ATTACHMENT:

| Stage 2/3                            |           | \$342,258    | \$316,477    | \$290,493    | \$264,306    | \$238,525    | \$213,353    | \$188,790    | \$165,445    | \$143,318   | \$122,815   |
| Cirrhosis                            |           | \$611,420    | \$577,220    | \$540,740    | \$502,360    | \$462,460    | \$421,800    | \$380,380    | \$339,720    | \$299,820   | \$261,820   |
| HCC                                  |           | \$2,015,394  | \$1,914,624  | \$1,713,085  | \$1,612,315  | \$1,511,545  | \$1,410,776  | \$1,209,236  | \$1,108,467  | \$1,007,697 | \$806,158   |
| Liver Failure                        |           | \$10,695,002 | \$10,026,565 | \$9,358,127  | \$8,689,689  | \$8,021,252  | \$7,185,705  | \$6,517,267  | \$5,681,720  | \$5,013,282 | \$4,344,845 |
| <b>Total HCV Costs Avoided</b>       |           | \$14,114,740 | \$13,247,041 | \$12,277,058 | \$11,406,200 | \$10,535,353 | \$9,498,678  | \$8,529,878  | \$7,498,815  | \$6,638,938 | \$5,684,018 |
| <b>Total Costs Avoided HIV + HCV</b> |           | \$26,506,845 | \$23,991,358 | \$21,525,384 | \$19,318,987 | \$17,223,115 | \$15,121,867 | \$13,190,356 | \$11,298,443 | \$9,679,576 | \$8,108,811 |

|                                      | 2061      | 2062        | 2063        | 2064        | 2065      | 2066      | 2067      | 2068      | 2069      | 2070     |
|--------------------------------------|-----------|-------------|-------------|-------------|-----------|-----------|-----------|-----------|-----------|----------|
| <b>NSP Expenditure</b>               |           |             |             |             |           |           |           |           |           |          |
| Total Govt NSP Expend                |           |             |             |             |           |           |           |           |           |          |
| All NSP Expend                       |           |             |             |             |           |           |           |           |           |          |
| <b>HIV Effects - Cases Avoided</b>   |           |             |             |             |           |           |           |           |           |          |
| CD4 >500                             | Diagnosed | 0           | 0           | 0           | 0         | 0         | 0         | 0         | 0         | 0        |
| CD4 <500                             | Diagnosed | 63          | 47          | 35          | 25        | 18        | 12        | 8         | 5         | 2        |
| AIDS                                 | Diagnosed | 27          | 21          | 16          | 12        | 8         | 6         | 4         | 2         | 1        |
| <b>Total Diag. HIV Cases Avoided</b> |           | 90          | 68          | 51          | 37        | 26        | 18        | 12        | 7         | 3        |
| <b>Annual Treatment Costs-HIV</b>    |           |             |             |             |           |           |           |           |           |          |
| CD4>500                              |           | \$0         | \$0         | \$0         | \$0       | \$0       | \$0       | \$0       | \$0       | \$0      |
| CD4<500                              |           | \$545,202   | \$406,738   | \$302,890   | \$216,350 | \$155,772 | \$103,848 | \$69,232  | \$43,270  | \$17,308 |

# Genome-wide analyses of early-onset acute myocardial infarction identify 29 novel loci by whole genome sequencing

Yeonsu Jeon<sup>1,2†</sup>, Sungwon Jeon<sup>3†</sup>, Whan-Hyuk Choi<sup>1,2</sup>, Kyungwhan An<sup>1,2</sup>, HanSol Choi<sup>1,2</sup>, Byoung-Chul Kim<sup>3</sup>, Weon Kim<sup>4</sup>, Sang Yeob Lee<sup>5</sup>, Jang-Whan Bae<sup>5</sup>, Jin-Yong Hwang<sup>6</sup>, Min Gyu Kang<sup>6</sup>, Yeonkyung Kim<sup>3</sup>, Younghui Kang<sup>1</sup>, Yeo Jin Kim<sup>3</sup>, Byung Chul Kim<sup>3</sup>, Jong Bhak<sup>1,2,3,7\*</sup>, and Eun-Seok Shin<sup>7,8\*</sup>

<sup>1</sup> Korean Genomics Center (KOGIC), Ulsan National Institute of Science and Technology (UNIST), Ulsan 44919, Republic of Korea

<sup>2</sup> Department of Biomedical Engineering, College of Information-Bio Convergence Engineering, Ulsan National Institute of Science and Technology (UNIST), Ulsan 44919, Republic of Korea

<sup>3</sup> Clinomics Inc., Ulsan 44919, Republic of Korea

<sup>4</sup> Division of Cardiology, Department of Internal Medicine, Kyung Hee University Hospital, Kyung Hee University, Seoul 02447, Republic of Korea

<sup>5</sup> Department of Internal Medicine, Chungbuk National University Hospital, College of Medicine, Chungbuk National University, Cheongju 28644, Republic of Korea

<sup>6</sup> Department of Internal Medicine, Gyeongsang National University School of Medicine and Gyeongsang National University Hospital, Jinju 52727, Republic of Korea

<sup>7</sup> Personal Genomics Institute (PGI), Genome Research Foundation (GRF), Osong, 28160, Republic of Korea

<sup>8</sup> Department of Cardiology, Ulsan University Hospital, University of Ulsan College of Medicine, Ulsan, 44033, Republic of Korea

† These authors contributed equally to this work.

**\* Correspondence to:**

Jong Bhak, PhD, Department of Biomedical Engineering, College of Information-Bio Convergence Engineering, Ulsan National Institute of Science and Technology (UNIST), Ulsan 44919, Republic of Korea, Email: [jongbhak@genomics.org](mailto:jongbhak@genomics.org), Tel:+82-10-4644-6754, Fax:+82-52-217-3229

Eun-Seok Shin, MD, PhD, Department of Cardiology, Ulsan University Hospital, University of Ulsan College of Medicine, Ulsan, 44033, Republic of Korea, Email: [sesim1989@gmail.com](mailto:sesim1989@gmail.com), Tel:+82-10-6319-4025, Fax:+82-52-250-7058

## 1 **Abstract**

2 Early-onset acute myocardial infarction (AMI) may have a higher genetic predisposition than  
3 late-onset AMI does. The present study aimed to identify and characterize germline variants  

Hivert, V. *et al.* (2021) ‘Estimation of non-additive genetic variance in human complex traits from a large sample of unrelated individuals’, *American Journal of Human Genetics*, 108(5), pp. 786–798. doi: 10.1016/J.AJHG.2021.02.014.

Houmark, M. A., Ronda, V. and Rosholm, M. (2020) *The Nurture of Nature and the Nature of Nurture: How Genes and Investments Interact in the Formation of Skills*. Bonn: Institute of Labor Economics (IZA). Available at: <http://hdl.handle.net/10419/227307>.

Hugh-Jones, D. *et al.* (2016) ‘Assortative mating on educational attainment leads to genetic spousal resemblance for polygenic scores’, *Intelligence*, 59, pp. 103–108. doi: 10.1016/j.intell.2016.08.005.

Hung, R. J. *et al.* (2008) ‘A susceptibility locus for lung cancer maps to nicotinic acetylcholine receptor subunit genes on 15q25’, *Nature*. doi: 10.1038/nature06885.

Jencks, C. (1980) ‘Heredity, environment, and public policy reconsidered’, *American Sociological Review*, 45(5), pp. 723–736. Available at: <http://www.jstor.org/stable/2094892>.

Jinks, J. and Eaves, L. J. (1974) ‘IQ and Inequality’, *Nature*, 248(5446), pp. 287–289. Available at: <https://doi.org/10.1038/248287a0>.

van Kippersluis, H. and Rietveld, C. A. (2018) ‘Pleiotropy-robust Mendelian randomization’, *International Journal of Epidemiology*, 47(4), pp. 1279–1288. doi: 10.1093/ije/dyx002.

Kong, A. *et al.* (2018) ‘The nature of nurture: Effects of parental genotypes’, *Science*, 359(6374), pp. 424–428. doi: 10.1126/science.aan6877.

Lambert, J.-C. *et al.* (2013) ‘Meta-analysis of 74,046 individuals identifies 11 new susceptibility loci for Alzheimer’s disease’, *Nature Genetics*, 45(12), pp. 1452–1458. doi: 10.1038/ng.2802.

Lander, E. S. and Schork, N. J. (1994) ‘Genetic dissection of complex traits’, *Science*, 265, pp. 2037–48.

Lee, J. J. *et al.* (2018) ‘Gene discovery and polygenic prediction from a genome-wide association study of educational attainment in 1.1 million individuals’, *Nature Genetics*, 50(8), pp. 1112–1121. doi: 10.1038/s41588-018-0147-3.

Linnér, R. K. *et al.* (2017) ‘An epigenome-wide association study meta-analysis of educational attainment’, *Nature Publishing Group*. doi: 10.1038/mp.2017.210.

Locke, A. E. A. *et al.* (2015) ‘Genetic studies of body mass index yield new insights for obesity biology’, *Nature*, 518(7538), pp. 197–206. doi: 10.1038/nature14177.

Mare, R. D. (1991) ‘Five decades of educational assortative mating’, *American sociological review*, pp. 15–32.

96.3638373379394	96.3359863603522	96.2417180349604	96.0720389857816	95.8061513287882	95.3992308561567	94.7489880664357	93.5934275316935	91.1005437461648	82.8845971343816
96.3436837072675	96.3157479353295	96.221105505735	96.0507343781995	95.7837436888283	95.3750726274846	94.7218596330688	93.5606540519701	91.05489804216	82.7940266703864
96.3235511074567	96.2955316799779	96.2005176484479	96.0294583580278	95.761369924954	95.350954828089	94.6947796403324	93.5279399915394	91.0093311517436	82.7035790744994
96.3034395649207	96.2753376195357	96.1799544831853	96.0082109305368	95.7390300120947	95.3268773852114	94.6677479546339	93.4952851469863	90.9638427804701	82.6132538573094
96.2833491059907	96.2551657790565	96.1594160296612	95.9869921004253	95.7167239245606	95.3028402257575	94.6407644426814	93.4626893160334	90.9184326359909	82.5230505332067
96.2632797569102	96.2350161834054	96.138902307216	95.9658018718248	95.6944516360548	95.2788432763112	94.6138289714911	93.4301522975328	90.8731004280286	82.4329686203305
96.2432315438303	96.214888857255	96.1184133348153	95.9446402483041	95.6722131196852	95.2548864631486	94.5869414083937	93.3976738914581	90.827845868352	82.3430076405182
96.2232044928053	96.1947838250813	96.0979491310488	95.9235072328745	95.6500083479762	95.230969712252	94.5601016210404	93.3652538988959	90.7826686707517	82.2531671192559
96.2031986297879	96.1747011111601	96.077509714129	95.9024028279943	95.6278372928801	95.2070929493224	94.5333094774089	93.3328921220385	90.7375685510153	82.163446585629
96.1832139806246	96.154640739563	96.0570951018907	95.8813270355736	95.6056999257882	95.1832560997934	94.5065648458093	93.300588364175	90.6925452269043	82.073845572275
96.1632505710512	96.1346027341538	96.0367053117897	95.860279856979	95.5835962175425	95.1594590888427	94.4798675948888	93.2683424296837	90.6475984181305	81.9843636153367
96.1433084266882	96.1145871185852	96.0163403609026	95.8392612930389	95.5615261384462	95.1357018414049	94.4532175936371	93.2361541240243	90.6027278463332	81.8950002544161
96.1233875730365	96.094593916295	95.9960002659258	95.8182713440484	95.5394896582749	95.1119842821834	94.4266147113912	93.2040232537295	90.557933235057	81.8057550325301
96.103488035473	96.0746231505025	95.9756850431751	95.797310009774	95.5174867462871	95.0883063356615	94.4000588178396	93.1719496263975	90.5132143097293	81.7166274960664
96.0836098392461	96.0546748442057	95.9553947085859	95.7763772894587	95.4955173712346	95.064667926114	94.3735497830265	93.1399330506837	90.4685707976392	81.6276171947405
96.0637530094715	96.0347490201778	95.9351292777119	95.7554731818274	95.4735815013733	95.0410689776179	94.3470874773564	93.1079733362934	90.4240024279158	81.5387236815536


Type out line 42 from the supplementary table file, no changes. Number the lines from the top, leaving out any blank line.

Jinks, J. and Eaves, L. J. (1974) ‘IQ and Inequality’, *Nature*, 248(5446), pp. 287–289. Available at: <https://doi.org/10.1038/248287a0>.